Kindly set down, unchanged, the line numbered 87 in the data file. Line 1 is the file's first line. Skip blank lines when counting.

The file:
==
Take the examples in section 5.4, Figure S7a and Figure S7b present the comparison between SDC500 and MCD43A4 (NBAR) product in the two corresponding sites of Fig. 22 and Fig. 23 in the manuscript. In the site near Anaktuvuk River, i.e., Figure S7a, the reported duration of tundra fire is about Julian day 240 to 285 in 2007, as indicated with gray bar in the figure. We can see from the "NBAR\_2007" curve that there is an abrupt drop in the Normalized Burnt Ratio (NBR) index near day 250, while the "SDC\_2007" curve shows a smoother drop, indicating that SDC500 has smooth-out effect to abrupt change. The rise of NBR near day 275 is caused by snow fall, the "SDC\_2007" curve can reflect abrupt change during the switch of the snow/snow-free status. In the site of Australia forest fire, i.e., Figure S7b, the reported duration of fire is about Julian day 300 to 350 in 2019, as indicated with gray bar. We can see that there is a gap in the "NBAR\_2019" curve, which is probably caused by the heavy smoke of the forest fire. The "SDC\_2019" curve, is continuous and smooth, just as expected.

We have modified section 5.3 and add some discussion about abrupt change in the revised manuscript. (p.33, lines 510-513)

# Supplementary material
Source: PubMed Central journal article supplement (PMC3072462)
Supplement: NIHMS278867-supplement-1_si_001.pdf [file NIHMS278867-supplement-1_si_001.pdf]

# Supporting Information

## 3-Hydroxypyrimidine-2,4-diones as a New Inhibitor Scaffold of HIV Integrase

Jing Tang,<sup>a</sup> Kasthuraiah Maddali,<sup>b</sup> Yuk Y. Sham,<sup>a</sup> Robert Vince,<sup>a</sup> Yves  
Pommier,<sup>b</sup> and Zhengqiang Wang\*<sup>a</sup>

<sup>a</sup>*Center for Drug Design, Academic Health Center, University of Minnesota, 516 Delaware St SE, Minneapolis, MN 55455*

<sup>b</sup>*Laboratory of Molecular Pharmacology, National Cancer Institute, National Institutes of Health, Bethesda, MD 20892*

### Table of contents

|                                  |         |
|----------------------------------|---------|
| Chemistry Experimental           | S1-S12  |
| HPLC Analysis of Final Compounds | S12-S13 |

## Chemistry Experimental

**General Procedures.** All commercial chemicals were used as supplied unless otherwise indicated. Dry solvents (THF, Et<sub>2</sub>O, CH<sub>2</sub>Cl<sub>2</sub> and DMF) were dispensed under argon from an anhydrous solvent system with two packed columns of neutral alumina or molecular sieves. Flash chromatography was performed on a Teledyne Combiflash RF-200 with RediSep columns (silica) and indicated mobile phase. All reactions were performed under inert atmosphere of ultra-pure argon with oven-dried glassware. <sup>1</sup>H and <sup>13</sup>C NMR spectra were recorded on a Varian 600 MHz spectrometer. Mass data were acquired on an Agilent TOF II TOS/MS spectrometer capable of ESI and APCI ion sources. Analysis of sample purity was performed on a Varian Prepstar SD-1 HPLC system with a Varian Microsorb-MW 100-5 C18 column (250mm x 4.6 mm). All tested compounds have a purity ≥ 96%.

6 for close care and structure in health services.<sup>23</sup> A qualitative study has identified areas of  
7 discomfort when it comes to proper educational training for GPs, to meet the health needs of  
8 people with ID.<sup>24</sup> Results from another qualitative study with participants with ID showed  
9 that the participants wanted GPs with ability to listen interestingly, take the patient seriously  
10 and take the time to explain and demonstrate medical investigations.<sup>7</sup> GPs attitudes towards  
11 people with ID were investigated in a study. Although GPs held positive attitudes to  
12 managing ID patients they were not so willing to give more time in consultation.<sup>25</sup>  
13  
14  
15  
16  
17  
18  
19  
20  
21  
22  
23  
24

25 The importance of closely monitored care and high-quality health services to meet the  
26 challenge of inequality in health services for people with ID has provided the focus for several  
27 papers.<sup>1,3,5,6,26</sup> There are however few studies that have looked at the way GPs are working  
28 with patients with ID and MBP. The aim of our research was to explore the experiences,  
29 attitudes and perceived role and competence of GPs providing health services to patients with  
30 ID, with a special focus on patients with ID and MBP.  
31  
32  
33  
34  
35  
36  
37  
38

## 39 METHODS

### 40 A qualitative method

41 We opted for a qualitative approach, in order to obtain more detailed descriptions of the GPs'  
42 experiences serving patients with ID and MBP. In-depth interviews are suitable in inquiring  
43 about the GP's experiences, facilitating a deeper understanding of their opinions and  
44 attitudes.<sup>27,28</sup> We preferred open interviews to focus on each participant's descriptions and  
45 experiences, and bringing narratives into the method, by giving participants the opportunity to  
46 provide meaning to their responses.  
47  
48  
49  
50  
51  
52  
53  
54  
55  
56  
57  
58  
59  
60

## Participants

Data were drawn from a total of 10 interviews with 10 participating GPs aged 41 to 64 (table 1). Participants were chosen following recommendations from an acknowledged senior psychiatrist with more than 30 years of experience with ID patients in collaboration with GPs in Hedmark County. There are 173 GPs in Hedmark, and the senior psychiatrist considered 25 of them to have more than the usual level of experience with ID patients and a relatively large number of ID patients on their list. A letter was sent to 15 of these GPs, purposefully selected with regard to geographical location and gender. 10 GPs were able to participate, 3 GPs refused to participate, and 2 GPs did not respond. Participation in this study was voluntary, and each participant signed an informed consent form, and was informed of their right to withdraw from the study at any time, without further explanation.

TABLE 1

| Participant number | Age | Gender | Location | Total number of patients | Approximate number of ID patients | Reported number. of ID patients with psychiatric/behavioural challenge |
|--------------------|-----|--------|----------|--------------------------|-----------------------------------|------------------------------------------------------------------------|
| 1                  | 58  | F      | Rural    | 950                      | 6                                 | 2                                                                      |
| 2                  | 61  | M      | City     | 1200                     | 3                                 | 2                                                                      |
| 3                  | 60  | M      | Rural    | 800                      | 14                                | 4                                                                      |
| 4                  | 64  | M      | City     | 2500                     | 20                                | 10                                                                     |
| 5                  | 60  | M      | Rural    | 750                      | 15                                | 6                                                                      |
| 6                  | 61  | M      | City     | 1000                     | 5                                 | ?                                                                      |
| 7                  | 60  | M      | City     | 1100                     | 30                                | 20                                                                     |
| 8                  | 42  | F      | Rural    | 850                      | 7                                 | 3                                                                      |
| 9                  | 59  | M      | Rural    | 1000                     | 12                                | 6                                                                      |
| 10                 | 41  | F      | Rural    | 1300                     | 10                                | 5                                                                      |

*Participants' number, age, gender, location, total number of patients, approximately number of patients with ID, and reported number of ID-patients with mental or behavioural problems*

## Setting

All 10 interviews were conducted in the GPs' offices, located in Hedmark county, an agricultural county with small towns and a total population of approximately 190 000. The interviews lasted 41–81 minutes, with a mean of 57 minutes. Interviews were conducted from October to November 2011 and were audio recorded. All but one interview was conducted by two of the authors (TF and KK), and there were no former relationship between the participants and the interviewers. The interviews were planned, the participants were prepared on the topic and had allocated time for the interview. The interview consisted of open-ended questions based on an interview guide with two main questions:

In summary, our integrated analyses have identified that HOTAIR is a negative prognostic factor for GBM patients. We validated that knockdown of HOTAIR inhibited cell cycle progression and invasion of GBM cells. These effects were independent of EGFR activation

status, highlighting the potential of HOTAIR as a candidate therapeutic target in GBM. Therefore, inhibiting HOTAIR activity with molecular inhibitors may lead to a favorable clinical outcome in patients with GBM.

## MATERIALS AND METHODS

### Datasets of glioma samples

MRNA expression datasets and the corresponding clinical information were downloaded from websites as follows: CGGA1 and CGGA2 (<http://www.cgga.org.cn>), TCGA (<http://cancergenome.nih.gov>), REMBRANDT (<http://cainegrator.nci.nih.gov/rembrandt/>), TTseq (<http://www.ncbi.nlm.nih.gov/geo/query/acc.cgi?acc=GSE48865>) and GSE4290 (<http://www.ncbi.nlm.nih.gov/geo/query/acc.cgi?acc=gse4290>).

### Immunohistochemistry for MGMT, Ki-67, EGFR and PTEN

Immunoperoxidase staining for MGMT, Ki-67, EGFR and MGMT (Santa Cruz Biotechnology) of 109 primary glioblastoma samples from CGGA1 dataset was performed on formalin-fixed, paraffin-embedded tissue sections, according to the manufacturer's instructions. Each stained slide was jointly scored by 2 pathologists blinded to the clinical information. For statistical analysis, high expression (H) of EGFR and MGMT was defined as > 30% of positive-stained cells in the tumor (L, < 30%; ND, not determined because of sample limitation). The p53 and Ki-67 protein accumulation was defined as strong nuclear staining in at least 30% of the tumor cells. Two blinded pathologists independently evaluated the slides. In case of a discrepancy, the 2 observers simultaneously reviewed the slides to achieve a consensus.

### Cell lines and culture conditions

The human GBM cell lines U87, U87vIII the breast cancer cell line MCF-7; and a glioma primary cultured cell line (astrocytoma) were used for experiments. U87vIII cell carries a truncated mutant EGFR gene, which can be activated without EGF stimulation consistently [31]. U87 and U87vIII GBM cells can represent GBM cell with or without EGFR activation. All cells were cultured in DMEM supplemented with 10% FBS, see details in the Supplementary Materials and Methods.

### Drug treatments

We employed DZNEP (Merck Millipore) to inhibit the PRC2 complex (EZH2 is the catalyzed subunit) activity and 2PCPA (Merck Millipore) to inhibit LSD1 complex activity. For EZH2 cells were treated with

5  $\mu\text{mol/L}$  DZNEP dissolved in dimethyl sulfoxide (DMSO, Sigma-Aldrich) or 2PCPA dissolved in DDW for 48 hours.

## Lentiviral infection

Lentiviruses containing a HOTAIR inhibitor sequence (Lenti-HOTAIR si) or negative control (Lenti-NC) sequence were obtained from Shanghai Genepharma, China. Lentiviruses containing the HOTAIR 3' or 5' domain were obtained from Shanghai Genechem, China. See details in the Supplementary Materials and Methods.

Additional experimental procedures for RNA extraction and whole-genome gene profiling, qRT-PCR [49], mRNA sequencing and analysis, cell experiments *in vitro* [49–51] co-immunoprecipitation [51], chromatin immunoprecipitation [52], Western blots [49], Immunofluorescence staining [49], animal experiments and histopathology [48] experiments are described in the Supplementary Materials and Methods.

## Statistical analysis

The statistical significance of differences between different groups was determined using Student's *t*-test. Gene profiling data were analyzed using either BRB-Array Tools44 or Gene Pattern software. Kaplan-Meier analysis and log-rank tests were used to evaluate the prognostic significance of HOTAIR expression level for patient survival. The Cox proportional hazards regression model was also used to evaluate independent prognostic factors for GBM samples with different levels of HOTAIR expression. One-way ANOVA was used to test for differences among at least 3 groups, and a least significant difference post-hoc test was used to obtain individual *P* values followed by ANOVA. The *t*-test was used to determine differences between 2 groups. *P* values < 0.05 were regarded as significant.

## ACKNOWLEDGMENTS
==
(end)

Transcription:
| 9                  | 59  | M      | Rural    | 1000                     | 12                                | 6                                                                      |